Global Affairs confirms death of fifth Canadian in Israel after Hamas attacks

Global Affairs Canada has confirmed the death of a fifth Canadian in Israel after a series of attacks by Hamas militants, while Canadians in the besieged Gaza Strip still have no way to get out.  

Three other Canadians who were in Israel when the attacks happened Oct. 7 are still missing, officials said Sunday. Global Affairs did not provide details of the fifth person who died or those who are missing, citing privacy reasons. 

“We are very focused on addressing the cases of the three missing persons, who we continue to try to locate and bring back to safety in Canada,” Julie Sunday, an assistant deputy minister with Global Affairs Canada, said at a media briefing in Ottawa. 

Canada considers Hamas a terrorist group, and Canadian leaders have decried the violence it waged last week near the Palestinian territory of Gaza, which saw hundreds dead and injured. The death and injury toll has since climbed as Israel retaliated.

More than 6,800 Canadians are registered in Israel, and more than 450 in the West Bank and Gaza. Canada is currently assisting about 3,300 permanent residents, Canadians and their families, Sunday said.

The government is still working to get up to 300 Canadians and their relatives out of Gaza, Sunday said, as Israel gears up for an expected ground invasion.

A plan to allow foreign nationals to leave the 365-square-kilometre coastal stretch via the border crossing with Egypt fell through on Saturday.

“Nobody got through that gate yesterday,” Sunday said, calling the arrangements to allow passage through the crossing at the Palestinian city of Rafah “incredibly complex.”

Alexandre Lévêque, another Global Affairs assistant deputy minister, said reaching Rafah could be a challenge in itself.

“Hamas is probably playing some obstruction inside of Gaza,” he said.

“Documentation is going to be really key” in getting Canadians out, said Sunday, who also noted there are challenges in contacting Canadians in Gaza as electricity has been downed.

“We are not telling people to go straight to that border until we have an understanding that there will be an opening.”

Meanwhile, Israel has blockaded fuel, electricity, food and water from entering the territory, impeding transportation and communication.

Another 250 Canadians, permanent residents and their relatives may be able to leave the West Bank territory by bus to Jordan next week, officials said. However, they warned that crossings, as well as Israeli-controlled checkpoints in Jerusalem, are in a state of flux.

“The gate has been opening and closing at different hours, based on what’s going on in the region,” Sunday said, referring to a key Jordanian crossing.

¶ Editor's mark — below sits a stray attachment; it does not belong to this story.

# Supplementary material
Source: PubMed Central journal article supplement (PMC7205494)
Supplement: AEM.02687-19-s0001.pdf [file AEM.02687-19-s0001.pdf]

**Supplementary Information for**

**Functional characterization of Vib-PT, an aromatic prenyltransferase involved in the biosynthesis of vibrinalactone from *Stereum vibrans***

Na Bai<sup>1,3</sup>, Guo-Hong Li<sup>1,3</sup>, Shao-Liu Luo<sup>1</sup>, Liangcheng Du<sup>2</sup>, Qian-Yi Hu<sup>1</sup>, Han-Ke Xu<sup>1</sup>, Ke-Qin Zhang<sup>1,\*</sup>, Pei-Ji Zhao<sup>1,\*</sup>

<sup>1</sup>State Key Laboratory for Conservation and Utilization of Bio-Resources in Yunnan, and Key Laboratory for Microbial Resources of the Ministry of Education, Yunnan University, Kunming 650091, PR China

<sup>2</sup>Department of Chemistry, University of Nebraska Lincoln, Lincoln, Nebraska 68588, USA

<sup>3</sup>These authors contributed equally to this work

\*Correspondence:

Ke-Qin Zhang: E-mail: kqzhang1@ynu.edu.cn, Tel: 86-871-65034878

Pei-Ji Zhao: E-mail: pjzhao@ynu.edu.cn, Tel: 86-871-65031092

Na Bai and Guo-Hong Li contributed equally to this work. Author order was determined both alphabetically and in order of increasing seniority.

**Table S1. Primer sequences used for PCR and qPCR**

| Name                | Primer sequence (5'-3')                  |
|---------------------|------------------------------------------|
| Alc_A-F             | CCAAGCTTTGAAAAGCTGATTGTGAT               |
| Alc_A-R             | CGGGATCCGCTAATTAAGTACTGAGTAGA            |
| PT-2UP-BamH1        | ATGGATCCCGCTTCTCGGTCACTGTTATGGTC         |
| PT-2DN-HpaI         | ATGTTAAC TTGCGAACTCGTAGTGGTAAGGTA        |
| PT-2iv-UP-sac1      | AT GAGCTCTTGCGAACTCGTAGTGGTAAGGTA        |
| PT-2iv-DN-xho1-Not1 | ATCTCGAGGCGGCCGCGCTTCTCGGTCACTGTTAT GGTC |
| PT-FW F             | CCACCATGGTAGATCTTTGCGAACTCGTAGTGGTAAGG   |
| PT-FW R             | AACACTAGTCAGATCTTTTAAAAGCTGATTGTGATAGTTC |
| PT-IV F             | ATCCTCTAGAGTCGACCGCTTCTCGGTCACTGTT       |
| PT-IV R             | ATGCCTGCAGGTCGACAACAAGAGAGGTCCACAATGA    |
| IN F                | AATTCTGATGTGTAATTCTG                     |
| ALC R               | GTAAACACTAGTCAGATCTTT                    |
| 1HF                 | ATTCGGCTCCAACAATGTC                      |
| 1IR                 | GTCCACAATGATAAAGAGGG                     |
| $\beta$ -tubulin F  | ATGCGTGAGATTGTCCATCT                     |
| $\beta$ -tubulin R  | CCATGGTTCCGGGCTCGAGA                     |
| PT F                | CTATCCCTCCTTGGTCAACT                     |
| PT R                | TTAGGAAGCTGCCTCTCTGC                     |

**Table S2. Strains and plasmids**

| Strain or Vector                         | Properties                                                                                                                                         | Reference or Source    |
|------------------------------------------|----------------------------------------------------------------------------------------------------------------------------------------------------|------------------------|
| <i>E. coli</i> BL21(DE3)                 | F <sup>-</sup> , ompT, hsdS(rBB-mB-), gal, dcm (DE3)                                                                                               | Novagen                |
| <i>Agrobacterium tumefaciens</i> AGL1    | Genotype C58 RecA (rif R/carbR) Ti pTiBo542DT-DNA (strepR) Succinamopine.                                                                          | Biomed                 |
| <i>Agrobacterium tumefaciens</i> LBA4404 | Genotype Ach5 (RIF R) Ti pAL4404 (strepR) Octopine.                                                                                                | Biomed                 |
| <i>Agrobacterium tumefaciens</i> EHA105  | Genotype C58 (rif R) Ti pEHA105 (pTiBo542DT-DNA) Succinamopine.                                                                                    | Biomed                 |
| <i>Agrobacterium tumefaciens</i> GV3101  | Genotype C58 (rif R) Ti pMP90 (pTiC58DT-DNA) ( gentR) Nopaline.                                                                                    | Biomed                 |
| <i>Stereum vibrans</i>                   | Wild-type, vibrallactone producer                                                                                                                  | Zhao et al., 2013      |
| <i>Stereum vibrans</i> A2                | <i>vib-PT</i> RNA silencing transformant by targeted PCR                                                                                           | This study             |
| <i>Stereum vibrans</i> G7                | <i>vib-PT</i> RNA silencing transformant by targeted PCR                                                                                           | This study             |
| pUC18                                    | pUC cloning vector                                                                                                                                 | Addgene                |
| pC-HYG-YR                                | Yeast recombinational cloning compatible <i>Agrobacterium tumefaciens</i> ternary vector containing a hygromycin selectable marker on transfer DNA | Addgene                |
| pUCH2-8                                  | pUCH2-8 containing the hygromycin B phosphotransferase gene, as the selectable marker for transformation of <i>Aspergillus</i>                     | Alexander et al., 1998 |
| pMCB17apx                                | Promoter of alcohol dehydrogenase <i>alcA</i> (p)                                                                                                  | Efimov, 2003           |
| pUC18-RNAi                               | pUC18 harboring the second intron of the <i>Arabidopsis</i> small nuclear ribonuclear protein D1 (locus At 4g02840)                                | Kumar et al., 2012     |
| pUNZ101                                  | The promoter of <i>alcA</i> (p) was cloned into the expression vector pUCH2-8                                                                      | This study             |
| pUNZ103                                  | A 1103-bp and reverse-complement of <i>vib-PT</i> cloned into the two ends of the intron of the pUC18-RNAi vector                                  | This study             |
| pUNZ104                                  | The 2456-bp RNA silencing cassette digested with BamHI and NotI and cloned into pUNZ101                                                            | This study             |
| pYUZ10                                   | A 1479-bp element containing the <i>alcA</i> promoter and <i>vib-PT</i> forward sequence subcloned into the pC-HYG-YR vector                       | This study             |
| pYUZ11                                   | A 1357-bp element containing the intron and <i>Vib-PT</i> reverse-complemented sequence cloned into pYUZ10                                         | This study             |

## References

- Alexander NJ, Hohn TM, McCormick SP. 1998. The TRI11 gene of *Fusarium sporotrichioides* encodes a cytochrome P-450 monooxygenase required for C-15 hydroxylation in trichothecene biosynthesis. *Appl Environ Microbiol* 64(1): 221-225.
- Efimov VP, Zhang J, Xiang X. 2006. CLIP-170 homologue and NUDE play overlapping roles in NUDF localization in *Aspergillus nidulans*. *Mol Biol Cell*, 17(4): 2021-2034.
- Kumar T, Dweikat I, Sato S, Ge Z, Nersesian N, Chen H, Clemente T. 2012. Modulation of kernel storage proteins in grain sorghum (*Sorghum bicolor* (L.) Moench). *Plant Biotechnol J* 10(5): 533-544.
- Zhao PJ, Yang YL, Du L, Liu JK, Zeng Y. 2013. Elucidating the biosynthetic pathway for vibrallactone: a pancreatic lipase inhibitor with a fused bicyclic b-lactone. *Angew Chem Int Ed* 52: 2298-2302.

Reem Abukmeil, a PhD candidate at Dalhousie University studying agriculture, left her home in Gaza to study in Halifax in 2020. Abukmeil said she is consumed by fear for her family’s safety as they flee Gaza.

“I’m devastated. I cannot tell you how I feel. I feel my heart is broken to know that I could lose my whole family at any minute,” she said in an interview Sunday afternoon.

Abukmeil keeps in contact with family as much as she can, which is a challenge due to the lack of electricity and internet.

“They are at least alive for now. And that was the last call I got, it was almost an hour-and-a-half ago, and they said this is the worst day since the start,” Abukmeil said.

She has 36 family members from eight households and all of them have now fled toward the south. Many of Abukmeil’s family in Gaza are children, and she said the young ones are suffering most.

“The children, this is so tough for them. They’re traumatized … they are crying and shaking and, of course, no one can sleep,” she said. 

“The children see body pieces in front of them, the children are terrified. It’s beyond being catastrophic.

“Everyone just hopes for this to stop right now. Not even (in) five minutes, because each single minute we are losing children, women and innocent people.”

Sunday said Canadians should also avoid travel to Lebanon, where there have been violent clashes along the border with Israel.

Approximately 14,500 Canadian citizens and permanent residents are registered in Lebanon.

Officials say anyone considering travel to the country for non-essential purposes should reconsider, citing security risks.

“This is simply not the time to go there,” said Sunday. “The situation is volatile, and if you don’t need to be there, you should consider leaving while commercial means are still available.”

More than 1,000 Canadians have already left Israel via military planes bound for Athens, officials said. Two planes departed on Sunday, with two more slated for Monday, and more will be available.

Lévêque said in French that Canada’s embassy in Israel and its delegation office in Ramallah remain open. 

The Ministry of Foreign Affairs did not immediately provide comment about whether diplomatic staff or their dependants are being asked to leave the region.

— With files from Lyndsay Armstrong in Halifax and Chris Reynolds in Montreal 

More from 620 CKRM